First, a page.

Independents and Negative Campaigning

Whenever anyone speaks of the views of independents it must be taken with a grain of salt as the independent label applies to a wide variety of people who vary both in their views and in their interest in politics. John Avlon is not really speaking for all independents, but he does have one perspective as author of Independent Nation. In an interview with CNN, Avalon warns that McCain is playing a risky game with his negative ads:

Q: How does the negative campaigning play with independent voters?

Avlon: Independent voters are very sensitive to when politics takes a negative turn. And you know it’s August, and the heat’s turning up on the campaign trail, and so is the rhetoric.

But candidates need to be very careful, because hypocrisy is the unforgivable sin in politics. Both John McCain and Barack Obama have campaigned as being a break from the politics of personal destruction we’ve seen in the past. So, whenever the campaign takes a negative turn, independent voters notice, and they’ll punish the candidate that takes it too far.

Q: So negative campaigning doesn’t work for independent voters?

Avlon: No. … The reason [independent voters] are independent is they’re reacting against the extremes on both sides. They want to see an end to this split-screen politics. They want to see people who put patriotism ahead of partisanship and the national interests ahead of special interests. That’s what the independent voters want.

And both candidates so far have been pretty attuned to that. But this is going to be the real test.

Q: According to a study of political commercials by the University of Wisconsin, a third of McCain’s television ads have actually been negative attacks on Barack Obama. The study also found that 90 percent of Barack Obama’s television ads don’t even mention McCain. Is this a risky strategy for John McCain?

Avlon: Isn’t that interesting? Yes. You know, John McCain is walking a fine line here because a lot of his credibility with independents comes from the fact that he’s always stayed above partisan gutter-ball politics. He’s always criticized those folks who’ve indulged in that, especially on the Republican side, in the past.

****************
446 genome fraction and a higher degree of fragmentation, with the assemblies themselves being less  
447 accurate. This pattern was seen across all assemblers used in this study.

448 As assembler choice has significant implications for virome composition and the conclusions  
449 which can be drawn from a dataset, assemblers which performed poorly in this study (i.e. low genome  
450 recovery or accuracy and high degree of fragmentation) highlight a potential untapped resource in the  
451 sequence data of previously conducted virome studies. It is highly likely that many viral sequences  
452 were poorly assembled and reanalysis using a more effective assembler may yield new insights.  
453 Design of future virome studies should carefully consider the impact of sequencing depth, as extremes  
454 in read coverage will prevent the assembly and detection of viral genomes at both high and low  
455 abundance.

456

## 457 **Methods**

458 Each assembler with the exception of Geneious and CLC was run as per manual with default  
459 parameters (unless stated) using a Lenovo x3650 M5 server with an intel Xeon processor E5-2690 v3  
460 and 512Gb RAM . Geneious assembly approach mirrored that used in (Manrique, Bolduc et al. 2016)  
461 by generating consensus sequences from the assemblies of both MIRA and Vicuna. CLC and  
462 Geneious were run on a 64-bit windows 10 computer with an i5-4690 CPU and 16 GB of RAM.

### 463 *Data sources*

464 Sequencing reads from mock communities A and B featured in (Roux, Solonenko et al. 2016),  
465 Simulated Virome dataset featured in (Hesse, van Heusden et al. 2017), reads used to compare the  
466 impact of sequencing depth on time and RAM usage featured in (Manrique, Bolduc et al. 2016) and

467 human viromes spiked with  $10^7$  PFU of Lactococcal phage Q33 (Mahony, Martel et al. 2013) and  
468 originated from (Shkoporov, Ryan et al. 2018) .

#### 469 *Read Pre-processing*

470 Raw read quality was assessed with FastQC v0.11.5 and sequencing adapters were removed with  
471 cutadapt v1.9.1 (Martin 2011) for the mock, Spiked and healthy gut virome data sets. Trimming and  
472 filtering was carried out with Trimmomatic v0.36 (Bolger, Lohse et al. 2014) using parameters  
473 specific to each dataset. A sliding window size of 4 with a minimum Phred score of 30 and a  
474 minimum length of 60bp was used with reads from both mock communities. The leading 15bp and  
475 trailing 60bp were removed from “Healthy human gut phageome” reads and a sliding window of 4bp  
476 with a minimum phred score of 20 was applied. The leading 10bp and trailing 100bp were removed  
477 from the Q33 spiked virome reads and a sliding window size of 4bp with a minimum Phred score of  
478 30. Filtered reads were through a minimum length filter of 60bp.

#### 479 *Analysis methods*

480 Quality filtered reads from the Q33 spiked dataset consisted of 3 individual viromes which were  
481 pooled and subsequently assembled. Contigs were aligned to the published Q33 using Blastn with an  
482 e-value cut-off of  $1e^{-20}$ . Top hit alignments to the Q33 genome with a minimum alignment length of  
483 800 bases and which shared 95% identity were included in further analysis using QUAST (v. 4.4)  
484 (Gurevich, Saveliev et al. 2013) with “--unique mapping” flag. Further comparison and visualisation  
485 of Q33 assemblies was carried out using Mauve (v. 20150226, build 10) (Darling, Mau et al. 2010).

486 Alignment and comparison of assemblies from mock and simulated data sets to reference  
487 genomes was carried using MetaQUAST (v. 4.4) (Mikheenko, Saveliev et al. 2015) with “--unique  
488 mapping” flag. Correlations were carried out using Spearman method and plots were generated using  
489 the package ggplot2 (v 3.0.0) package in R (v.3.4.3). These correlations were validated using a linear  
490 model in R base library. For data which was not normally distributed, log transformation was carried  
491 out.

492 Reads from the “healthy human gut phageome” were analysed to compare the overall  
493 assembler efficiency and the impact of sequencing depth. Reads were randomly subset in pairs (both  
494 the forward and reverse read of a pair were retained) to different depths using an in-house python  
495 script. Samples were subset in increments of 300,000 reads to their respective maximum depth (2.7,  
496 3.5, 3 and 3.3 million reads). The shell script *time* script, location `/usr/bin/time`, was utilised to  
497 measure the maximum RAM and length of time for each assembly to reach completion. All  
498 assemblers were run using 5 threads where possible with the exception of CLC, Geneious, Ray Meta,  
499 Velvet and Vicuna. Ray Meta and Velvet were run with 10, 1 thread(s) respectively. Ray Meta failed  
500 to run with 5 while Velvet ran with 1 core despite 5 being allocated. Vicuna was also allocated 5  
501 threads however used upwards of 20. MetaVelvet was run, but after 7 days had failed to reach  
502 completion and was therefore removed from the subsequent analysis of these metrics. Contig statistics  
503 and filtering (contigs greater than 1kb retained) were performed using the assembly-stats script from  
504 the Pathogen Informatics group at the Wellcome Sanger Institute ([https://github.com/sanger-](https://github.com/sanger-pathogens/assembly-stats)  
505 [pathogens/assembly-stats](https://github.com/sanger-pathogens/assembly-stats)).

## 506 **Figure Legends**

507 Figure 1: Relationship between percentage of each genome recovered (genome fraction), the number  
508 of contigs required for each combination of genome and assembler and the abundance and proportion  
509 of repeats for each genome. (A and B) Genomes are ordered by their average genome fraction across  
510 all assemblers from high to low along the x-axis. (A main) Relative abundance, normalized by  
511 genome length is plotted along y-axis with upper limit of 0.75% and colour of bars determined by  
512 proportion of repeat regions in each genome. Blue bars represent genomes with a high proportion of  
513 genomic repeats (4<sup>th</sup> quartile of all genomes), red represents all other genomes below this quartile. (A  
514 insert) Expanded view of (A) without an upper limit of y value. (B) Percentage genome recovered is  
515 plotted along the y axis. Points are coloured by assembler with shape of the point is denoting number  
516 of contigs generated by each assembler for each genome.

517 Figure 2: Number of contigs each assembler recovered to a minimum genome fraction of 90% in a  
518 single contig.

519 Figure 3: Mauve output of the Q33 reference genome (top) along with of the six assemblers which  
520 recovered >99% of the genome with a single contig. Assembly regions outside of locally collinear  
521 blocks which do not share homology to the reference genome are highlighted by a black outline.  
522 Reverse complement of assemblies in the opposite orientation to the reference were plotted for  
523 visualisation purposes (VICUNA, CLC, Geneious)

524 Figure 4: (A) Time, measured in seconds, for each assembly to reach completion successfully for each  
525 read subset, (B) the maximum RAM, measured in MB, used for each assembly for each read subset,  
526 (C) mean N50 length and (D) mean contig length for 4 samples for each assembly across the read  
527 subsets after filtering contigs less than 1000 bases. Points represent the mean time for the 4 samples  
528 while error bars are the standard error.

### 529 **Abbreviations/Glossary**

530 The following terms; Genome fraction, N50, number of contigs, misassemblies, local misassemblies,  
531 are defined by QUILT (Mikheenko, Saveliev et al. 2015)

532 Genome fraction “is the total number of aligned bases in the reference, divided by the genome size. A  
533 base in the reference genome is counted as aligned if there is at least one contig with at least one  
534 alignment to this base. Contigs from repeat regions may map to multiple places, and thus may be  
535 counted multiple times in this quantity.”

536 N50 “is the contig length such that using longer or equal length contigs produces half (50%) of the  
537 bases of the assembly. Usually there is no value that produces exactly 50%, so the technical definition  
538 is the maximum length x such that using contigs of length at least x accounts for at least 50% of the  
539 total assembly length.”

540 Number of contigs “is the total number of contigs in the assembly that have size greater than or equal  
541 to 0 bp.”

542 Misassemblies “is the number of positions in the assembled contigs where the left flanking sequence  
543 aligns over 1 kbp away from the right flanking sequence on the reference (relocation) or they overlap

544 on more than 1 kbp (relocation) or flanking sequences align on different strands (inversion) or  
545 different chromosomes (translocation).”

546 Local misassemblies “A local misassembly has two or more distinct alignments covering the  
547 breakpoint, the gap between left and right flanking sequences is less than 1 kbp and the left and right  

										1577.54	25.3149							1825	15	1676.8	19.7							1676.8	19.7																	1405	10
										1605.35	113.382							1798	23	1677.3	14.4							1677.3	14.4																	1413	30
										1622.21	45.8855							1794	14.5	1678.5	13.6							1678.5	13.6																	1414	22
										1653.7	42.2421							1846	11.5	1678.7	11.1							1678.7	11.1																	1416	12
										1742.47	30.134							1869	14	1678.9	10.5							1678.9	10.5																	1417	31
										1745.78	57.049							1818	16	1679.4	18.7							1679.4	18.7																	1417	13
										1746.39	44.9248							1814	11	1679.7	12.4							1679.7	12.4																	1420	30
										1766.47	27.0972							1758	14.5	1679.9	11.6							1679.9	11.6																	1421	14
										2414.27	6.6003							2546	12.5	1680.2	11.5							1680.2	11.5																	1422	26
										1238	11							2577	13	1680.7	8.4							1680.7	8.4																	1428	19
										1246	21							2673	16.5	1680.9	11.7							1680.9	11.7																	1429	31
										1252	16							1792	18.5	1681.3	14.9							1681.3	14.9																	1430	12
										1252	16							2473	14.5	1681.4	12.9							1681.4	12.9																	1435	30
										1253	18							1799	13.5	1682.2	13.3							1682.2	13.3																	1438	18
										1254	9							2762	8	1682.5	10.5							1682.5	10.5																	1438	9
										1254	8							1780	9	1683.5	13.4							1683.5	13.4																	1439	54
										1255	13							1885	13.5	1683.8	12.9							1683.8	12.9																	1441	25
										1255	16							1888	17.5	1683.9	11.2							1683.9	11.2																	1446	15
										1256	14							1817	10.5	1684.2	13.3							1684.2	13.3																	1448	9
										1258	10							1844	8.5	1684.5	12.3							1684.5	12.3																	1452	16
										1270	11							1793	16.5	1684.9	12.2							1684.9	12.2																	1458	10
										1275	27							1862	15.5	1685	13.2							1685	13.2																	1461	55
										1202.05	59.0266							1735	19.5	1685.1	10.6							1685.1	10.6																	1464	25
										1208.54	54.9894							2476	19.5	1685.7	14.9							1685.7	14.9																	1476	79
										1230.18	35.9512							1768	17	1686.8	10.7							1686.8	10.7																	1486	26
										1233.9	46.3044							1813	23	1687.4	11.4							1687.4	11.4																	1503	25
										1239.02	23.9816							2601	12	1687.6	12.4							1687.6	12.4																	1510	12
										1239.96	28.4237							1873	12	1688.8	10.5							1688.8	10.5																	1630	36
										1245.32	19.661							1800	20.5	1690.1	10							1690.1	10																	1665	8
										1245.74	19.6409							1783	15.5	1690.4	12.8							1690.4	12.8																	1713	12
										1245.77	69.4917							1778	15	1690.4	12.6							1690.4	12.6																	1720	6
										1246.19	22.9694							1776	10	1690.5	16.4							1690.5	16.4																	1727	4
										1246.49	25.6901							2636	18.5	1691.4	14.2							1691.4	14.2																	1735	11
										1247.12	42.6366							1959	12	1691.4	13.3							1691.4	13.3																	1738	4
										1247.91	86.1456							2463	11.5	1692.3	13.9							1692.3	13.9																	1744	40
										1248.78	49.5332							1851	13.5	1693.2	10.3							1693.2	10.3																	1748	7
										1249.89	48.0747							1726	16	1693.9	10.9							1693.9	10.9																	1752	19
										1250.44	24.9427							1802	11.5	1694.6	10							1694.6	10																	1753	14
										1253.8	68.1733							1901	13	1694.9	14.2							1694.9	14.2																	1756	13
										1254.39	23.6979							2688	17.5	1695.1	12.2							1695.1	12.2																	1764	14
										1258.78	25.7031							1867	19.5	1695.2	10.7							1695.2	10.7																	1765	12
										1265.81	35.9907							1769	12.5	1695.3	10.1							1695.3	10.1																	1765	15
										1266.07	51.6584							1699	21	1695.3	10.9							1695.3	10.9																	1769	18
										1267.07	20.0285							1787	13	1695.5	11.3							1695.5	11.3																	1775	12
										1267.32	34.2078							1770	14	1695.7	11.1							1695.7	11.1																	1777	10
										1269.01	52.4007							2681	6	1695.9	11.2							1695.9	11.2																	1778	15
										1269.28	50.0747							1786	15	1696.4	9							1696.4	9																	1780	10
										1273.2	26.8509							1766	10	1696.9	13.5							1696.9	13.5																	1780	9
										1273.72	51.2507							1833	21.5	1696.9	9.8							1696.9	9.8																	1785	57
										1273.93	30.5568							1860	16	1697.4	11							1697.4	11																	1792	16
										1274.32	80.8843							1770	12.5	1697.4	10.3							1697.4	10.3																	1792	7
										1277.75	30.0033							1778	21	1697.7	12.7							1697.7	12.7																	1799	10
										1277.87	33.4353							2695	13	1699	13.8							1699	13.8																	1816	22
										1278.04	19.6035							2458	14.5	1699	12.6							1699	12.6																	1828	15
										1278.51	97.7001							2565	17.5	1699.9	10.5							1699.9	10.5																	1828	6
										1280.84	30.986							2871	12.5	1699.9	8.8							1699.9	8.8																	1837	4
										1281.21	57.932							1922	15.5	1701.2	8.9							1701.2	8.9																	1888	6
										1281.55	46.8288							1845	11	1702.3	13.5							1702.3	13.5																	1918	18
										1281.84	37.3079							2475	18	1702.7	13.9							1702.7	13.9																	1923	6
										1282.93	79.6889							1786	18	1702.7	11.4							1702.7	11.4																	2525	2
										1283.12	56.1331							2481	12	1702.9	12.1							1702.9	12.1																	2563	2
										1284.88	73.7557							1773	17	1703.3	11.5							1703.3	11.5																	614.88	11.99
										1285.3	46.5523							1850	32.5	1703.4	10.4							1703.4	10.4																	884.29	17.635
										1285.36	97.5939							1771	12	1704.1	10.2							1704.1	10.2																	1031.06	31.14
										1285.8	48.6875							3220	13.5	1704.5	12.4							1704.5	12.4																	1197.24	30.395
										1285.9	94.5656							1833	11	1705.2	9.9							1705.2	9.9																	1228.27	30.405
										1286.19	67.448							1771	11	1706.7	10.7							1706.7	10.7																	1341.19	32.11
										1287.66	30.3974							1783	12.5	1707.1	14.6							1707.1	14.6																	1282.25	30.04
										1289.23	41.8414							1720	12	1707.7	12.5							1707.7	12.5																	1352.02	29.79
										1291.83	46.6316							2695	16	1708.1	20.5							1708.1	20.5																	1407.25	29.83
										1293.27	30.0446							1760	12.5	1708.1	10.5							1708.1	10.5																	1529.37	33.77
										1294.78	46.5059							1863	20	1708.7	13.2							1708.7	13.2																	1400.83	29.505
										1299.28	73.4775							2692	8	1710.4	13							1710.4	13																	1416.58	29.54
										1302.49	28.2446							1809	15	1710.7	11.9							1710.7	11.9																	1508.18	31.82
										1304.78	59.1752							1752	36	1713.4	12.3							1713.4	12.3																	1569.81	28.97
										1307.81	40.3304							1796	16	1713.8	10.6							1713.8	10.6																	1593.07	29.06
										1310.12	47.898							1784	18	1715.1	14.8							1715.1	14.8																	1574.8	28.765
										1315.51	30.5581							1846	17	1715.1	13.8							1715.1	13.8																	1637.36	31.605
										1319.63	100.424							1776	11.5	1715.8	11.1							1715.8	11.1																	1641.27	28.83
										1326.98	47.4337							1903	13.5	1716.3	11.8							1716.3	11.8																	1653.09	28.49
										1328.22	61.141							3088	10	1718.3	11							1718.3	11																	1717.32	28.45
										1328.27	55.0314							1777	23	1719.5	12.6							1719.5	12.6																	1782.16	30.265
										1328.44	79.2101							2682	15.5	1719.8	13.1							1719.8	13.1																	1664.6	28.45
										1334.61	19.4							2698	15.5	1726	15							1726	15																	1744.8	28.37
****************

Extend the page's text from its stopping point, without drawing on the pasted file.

So, while [McCain] needs to play offense and define Barack Obama … Barack Obama is focused really on a larger target, the American people.

While I agree with Avalon in his criticism of McCain’s negative campaign, there are some points where I do disagree with this interview. I disagree with making a blanket statement that negative campaigning does not work with independents or that independents are independent for any specific reason. Many independents are, as Avalon states, independent because of a reaction against the extremes and against the negative campaigns of the past. Other independents have not committed to either party because of lacking sufficient knowledge of politics to choose based upon the beliefs of the parties. Some independents will be turned off by McCain’s increasingly negative campaign while such tactics will work for others. The challenge for Obama is to repeat the success he had against Clinton when she decided to run a negative campaign and turn this to his advantage.